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Trade namesVonjo, Enpaxiq
Other namesSB1518
  • (16E)-11-[2-(1-Pyrrolidinyl)ethoxy]-14,19-dioxa-5,7,26-triazatetracyclo[,6.18,12]heptacosa-1(25),2(26),3,5,8,10,12(27),16,21,23-decaene
Clinical data
Main usesMyelofibrosis[1]
Side effectsDiarrhea, low platelets, nausea, low hemoglobin, swollen legs[1]
Routes of
By mouth
Typical dose200 mg BID[1]
External links
License data
Legal status
Chemical and physical data
Molar mass472.589 g·mol−1
3D model (JSmol)
  • c1cc2cc(c1)-c3ccnc(n3)Nc4ccc(c(c4)COC/C=C/COC2)OCCN5CCCC5
  • InChI=1S/C28H32N4O3/c1-2-13-32(12-1)14-17-35-27-9-8-25-19-24(27)21-34-16-4-3-15-33-20-22-6-5-7-23(18-22)26-10-11-29-28(30-25)31-26/h3-11,18-19H,1-2,12-17,20-21H2,(H,29,30,31)/b4-3+

Pacritinib, sold under the brand name Vonjo, is an medication used to treat myelofibrosis.[1] Specifically it is used in those with a platelet count less than 50 × 109/L in who it decreases the size of the spleen.[1] It is taken by mouth.[1]

Common side effects include diarrhea, low platelets, nausea, low hemoglobin, and swollen legs.[1] Other side effects may include bleeding, prolonged QT, deep vein thrombosis, cancer, and infection.[1] Use is not recommended in those with significant liver or kidney problems.[1] It is a kinase inhibitor that blocks the action of Janus kinase 2 (JAK2) and fms-like tyrosine kinase 3\CD135 (FLT3).[3]

Pacritinib was approved for medical use in the United States in 2022.[1] Its application for approval in Europe was withdrawn in 2017 due to concerns it worsened outcomes.[3] In the United States a month of medication costs about 23,000 USD as of 2022.[4]

Medical uses

Pacritinib in indicated to treat adults who have a rare form of a bone marrow disorder known as intermediate or high-risk primary or secondary myelofibrosis and who have platelet (blood clotting cells) levels below 50,000/µL.[1][2]


It is taken at a dose of 200 mg twice per day.[1]

Mechanism of action

Inhibitory effects of pacritinib in the FMS-like tyrosine kinase and Janus kinase[5]

In terms of the mode of action we find that Pacritinib works by blocking specific proteins that signal cancer cells to multiply and spread. Specifically Pacritinib inhibits wild-type JAK2, mutant JAK2 V617F, and FMS-like tyrosine kinase 3; though it has a greater inhibitory efficacy towards JAK2.[5][6]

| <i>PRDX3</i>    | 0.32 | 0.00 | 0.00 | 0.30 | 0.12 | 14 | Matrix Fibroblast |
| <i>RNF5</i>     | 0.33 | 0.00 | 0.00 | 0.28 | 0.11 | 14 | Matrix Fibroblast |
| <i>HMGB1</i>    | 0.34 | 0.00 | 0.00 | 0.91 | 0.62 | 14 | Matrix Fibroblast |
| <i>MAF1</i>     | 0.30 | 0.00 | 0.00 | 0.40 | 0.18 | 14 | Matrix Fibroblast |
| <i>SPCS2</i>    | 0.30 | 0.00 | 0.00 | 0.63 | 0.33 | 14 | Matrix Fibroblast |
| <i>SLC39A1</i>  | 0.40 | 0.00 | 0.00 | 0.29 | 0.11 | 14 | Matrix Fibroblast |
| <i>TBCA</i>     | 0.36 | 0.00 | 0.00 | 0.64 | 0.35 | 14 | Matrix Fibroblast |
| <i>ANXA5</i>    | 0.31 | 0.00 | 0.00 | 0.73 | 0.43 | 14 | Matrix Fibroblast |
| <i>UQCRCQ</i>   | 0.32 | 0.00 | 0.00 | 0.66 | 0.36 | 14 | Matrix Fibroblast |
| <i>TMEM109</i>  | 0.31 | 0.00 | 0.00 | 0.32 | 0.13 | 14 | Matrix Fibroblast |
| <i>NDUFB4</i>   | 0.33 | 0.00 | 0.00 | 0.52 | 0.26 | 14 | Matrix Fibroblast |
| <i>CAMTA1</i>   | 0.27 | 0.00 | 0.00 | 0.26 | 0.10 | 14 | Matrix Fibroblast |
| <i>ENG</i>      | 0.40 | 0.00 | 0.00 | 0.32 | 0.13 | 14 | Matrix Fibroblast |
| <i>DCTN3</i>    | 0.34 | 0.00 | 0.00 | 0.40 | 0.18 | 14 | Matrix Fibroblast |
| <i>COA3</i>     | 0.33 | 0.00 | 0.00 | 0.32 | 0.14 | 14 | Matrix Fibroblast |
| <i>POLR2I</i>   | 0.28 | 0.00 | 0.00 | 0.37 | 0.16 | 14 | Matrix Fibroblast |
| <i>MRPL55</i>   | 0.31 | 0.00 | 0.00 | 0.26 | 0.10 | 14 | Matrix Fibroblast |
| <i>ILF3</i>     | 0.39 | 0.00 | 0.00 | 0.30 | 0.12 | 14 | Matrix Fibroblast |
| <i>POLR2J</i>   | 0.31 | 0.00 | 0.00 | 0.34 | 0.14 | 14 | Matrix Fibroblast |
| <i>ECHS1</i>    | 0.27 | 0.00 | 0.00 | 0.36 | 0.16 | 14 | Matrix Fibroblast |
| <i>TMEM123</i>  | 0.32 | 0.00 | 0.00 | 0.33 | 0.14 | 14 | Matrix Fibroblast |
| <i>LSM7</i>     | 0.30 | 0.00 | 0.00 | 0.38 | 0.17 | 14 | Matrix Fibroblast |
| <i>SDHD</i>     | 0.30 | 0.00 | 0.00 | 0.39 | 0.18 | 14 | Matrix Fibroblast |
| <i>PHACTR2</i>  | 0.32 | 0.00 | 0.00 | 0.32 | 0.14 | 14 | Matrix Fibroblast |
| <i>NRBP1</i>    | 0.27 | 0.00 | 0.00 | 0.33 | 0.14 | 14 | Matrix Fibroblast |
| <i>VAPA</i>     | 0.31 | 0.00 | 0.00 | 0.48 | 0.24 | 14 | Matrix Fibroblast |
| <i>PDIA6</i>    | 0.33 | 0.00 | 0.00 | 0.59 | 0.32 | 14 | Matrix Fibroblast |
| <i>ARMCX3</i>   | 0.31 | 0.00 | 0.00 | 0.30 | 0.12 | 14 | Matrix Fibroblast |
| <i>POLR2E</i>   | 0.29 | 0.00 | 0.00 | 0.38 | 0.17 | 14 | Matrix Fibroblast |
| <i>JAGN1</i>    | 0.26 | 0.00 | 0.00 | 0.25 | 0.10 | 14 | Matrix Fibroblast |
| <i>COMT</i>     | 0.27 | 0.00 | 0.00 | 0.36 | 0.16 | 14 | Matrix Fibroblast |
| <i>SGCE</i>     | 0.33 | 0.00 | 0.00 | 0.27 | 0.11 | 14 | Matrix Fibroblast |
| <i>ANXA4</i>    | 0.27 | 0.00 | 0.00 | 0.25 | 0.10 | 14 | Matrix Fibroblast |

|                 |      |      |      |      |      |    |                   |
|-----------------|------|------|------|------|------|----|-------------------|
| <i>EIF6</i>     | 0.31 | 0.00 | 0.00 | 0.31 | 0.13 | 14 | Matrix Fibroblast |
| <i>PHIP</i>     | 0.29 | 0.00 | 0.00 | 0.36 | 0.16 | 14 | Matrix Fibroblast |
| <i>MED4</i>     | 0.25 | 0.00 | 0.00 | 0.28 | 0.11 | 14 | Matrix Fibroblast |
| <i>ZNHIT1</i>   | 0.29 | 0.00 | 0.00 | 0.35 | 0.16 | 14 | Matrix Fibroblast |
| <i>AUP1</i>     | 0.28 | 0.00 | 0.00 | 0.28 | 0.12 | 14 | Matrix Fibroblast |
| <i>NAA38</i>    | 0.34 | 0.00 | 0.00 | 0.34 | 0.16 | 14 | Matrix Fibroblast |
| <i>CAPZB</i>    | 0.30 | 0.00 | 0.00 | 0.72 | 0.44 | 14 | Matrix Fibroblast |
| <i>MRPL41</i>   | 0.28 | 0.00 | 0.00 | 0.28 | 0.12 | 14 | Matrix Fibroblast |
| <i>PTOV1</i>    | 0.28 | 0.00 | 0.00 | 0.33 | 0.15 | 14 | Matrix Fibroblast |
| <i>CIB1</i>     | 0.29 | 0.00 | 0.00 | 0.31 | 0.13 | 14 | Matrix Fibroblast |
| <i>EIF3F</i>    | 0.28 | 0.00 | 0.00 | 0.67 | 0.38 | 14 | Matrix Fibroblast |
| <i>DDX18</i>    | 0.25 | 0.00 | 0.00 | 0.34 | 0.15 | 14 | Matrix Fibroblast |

The effectiveness and safety of pacritinib were demonstrated in a study that included 63 participants with intermediate or high-risk primary or secondary myelofibrosis and low platelets who received pacritinib 200 mg twice daily or standard treatment.[2] Effectiveness was determined based upon the proportion of participants who had a 35% or greater spleen volume reduction from baseline to week 24.[2] Nine participants (29%) in the pacritinib treatment group had a 35% or greater spleen volume reduction, compared to one participant (3%) in the standard treatment group.[2]

The U.S. Food and Drug Administration (FDA) granted the application for pacritinib priority review, fast track, and orphan drug designations.[2]

Society and culture


Pacritinib is the International nonproprietary name (INN).[7][8]


  1. 1.00 1.01 1.02 1.03 1.04 1.05 1.06 1.07 1.08 1.09 1.10 1.11 1.12 "Vonjo- pacritinib capsule". DailyMed. 7 March 2022. Archived from the original on 24 March 2022. Retrieved 24 March 2022.
  2. 2.0 2.1 2.2 2.3 2.4 2.5 "FDA approves drug for adults with rare form of bone marrow disorder". U.S. Food and Drug Administration. 1 March 2022. Archived from the original on 3 March 2022. Retrieved 3 March 2022. Public Domain This article incorporates text from this source, which is in the public domain.
  3. 3.0 3.1 "Enpaxiq: Withdrawal of the marketing authorisation application". Archived from the original on 4 August 2020. Retrieved 11 December 2022.
  4. "Vonjo Prices, Coupons, Copay & Patient Assistance". Retrieved 11 December 2022.
  5. 5.0 5.1 Hatzimichael, Eleftheria; Tsolas, Evangelos; Briasoulis, Evangelos (19 August 2014). "Profile of pacritinib and its potential in the treatment of hematologic disorders". Journal of Blood Medicine. 5: 143–152. doi:10.2147/JBM.S51253. Archived from the original on 6 August 2022. Retrieved 1 June 2024.
  6. Mascarenhas, John (August 2022). "Pacritinib for the treatment of patients with myelofibrosis and thrombocytopenia". Expert Review of Hematology. 15 (8): 671–684. doi:10.1080/17474086.2022.2112565. ISSN 1747-4094. Archived from the original on 7 May 2023. Retrieved 1 June 2024.
  7. World Health Organization (2010). "International nonproprietary names for pharmaceutical substances (INN). proposed INN: list 104" (PDF). WHO Drug Information. 24 (4): 386. hdl:10665/74579. Archived (PDF) from the original on 2020-07-15. Retrieved 2022-10-13.
  8. World Health Organization (2011). "International nonproprietary names for pharmaceutical substances (INN): recommended INN: list 66". WHO Drug Information. 25 (3). hdl:10665/74683.

External links

External sites: